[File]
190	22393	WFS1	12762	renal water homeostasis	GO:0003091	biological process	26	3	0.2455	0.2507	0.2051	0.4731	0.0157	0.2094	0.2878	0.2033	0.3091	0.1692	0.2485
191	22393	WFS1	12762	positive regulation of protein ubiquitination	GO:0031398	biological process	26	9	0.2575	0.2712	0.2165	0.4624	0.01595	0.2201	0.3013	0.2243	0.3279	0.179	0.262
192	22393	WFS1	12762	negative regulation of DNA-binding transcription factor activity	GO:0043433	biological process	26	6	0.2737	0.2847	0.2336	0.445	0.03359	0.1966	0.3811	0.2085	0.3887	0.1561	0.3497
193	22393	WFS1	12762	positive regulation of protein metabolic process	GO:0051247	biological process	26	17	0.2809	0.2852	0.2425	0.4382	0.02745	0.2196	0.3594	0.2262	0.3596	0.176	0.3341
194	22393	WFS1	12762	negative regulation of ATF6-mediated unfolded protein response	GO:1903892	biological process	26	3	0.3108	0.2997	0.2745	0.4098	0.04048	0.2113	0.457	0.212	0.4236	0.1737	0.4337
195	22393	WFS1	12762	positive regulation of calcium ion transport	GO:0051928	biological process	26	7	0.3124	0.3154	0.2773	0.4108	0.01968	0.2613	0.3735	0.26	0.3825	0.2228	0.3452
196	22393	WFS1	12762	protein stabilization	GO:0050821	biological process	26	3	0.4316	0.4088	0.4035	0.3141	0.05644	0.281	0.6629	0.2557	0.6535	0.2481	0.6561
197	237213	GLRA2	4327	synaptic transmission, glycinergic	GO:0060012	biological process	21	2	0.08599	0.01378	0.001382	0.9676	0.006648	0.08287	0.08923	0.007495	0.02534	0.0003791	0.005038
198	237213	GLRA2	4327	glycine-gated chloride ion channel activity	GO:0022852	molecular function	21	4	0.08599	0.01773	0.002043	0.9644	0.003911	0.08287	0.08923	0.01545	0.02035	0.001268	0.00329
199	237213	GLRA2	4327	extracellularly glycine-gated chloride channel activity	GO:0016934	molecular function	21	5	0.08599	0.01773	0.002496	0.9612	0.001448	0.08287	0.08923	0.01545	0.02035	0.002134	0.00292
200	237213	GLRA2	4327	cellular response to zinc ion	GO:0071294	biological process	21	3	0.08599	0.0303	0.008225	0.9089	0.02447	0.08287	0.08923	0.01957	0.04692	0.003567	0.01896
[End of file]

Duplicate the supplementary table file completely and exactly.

190	22393	WFS1	12762	renal water homeostasis	GO:0003091	biological process	26	3	0.2455	0.2507	0.2051	0.4731	0.0157	0.2094	0.2878	0.2033	0.3091	0.1692	0.2485
191	22393	WFS1	12762	positive regulation of protein ubiquitination	GO:0031398	biological process	26	9	0.2575	0.2712	0.2165	0.4624	0.01595	0.2201	0.3013	0.2243	0.3279	0.179	0.262
192	22393	WFS1	12762	negative regulation of DNA-binding transcription factor activity	GO:0043433	biological process	26	6	0.2737	0.2847	0.2336	0.445	0.03359	0.1966	0.3811	0.2085	0.3887	0.1561	0.3497
193	22393	WFS1	12762	positive regulation of protein metabolic process	GO:0051247	biological process	26	17	0.2809	0.2852	0.2425	0.4382	0.02745	0.2196	0.3594	0.2262	0.3596	0.176	0.3341
194	22393	WFS1	12762	negative regulation of ATF6-mediated unfolded protein response	GO:1903892	biological process	26	3	0.3108	0.2997	0.2745	0.4098	0.04048	0.2113	0.457	0.212	0.4236	0.1737	0.4337
195	22393	WFS1	12762	positive regulation of calcium ion transport	GO:0051928	biological process	26	7	0.3124	0.3154	0.2773	0.4108	0.01968	0.2613	0.3735	0.26	0.3825	0.2228	0.3452
196	22393	WFS1	12762	protein stabilization	GO:0050821	biological process	26	3	0.4316	0.4088	0.4035	0.3141	0.05644	0.281	0.6629	0.2557	0.6535	0.2481	0.6561
197	237213	GLRA2	4327	synaptic transmission, glycinergic	GO:0060012	biological process	21	2	0.08599	0.01378	0.001382	0.9676	0.006648	0.08287	0.08923	0.007495	0.02534	0.0003791	0.005038
198	237213	GLRA2	4327	glycine-gated chloride ion channel activity	GO:0022852	molecular function	21	4	0.08599	0.01773	0.002043	0.9644	0.003911	0.08287	0.08923	0.01545	0.02035	0.001268	0.00329
199	237213	GLRA2	4327	extracellularly glycine-gated chloride channel activity	GO:0016934	molecular function	21	5	0.08599	0.01773	0.002496	0.9612	0.001448	0.08287	0.08923	0.01545	0.02035	0.002134	0.00292
200	237213	GLRA2	4327	cellular response to zinc ion	GO:0071294	biological process	21	3	0.08599	0.0303	0.008225	0.9089	0.02447	0.08287	0.08923	0.01957	0.04692	0.003567	0.01896